Just like people, horses sometimes suffer from gastric distress such as ulcers. When one of their horses is diagnosed with a gastric ulcer, many owners immediately rely on drug treatments as the quickest form of relief. But quick though they may be, many anti-ulcer drugs hinder the digestive system. Herbal treatments are another alternative, and there are a number of ways to use herbs to soothe a horse's stomach.
- Skill level:
Things you need
- Chamomile flowers
- Slippery elm bark powder
- Aloe vera juice
- Marshmallow (optional)
- Liquorice root
Prevent ulcers before a horse develops them by giving it chamomile on a daily basis. Boil a third of a cup of chamomile flowers to make a tea.
Allow the tea to cool, and mix it with powdered Slippery Elm bark. This mixture helps to soothe the stomach and protect its lining.
Pour the mixture over the horse's morning meal. Repeat the process in the evening.
Mix 59.1ml of aloe vera juice with a teaspoon or two of slippery elm bark or marshmallow.
Add the mixture to the horse's feed two to three times a day.
Use a syringe to dose the horse with the mixture straight, if you prefer. This herbal blend soothes and protects the gastric system while helping to regulate intestinal bacteria.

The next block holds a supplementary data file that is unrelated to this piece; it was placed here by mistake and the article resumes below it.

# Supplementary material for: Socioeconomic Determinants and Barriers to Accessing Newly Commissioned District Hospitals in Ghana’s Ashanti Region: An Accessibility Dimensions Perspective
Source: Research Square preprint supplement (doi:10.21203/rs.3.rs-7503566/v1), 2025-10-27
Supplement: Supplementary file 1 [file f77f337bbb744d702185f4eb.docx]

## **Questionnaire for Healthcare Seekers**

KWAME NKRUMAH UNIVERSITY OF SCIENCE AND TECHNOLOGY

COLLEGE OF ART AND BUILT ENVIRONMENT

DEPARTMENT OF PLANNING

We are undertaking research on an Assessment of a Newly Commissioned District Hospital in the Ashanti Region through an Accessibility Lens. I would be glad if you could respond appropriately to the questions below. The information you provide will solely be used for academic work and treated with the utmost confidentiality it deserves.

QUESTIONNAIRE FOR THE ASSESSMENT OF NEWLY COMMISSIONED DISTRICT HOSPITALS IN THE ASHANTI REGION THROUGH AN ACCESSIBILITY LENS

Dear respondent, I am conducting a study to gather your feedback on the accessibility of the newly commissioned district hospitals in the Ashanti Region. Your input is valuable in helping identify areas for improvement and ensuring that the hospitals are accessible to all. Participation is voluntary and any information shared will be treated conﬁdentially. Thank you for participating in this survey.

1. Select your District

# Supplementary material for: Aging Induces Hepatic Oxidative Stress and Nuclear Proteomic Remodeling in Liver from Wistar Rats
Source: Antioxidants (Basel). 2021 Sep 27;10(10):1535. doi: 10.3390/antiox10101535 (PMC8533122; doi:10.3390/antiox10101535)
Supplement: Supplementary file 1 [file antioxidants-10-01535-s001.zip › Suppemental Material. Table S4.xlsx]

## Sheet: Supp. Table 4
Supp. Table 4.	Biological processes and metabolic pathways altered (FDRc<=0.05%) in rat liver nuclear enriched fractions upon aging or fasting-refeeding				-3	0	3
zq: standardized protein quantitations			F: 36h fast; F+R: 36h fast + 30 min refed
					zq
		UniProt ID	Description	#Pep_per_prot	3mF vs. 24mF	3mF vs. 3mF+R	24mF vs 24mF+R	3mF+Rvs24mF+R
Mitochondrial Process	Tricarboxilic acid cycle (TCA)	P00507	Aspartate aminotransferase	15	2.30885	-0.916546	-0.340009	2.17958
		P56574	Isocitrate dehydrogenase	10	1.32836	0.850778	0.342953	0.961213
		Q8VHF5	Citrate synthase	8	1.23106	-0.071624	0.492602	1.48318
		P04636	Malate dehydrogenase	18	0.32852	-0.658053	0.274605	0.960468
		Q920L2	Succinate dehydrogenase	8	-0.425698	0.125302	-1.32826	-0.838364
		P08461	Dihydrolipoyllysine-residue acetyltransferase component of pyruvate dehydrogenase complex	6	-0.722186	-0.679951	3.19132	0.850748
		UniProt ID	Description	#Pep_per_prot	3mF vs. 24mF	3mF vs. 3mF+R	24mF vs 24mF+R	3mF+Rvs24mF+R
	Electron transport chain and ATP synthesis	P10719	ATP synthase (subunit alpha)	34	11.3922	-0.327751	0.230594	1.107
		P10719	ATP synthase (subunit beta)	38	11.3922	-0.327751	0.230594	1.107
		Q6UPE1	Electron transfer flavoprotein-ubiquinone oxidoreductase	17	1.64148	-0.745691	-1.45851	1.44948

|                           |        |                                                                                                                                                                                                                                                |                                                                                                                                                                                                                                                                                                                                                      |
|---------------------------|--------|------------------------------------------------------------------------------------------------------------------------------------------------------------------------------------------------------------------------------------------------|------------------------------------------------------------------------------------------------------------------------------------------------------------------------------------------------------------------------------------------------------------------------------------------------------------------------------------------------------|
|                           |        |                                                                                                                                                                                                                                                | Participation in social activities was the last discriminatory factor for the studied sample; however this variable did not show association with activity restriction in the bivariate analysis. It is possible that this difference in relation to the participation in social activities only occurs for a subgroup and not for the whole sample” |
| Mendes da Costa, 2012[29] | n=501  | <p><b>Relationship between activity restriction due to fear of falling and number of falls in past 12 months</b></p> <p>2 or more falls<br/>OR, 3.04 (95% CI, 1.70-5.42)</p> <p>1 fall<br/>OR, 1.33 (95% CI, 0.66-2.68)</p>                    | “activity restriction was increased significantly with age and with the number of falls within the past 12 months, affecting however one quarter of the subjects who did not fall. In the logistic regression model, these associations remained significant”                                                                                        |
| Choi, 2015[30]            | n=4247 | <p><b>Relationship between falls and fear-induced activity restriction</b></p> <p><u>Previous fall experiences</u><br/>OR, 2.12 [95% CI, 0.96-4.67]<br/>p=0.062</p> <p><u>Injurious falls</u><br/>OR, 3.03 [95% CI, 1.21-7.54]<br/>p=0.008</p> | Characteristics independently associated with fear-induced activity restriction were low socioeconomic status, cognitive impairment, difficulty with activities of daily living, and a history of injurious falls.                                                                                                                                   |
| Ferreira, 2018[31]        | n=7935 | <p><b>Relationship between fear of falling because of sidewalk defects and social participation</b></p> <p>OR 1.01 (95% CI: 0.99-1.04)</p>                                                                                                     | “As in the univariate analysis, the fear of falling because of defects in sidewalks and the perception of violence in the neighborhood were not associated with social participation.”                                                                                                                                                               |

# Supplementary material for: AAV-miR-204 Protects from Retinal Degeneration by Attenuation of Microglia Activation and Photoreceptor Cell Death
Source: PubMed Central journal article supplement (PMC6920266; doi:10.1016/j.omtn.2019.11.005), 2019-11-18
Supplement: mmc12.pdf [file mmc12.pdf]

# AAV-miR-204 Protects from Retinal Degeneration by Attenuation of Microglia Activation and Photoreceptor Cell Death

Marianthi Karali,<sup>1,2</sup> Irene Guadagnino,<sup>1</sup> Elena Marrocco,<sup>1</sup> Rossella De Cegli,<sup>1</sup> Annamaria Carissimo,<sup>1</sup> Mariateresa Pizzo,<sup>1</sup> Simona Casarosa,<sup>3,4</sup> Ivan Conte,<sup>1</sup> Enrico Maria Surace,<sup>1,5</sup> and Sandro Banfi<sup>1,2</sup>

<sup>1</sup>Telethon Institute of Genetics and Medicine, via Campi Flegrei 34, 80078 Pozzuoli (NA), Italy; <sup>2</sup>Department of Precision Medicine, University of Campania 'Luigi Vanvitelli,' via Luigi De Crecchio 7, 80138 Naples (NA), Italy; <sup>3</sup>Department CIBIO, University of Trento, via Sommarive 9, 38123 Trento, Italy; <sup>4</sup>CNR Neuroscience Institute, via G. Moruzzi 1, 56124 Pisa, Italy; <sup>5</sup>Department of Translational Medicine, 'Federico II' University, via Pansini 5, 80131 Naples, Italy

Make a tincture of liquorice root by steeping the dried herb in alcohol for a few days, then straining the mixture with a cheesecloth and bottling the liquid extract. Pour in enough alcohol to cover the herb when mixing, adding an inch or two.
Give the horse 10 to 15 millilitres of the tincture of liquorice root twice a day.
Repeat this treatment for as long as 10 days. Liquorice root is an anti-inflammatory, and thanks to its flavanoid content, it is also an excellent ulcer treatment.
Tips and warnings
- Meadowsweet, an herb that reduces acid and protects the digestive tract, can be helpful in treating equine gastric problems. Mint, valerian and ginger also may be helpful in soothing a horse's stomach.
- You can purchase aloe vera juice in health food stores. Quart sizes are often more concentrated than juices sold by the gallon.
- Stress can be a factor in equine ulcers, just as it can in humans. Positive environments and daily routines may help your horse remain calm and prevent gastric ulcers.
- If your horse has moderate to severe ulcers, consult a veterinarian before trying any herbal treatment.
- The flavanoids that make liquorice root a good ulcer treatment actually slow the secretion of gastric juices, so liquorice root is not a suitable long-term solution.
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- Herbal Horsekeeping: Herbs for Horses: Equine Stomach Ulcers
- Holistic Horsekeeping: Natural Ulcer Relief for Horses, by Madalyn Ward, DVM
- Earth Song Ranch: Equine Ulcers & Gastrointestinal Disorders - Prevention, Natural, by Jessica Lynn
- Herbal Information Center: Make Your Own Tinctures, by Mary Satchell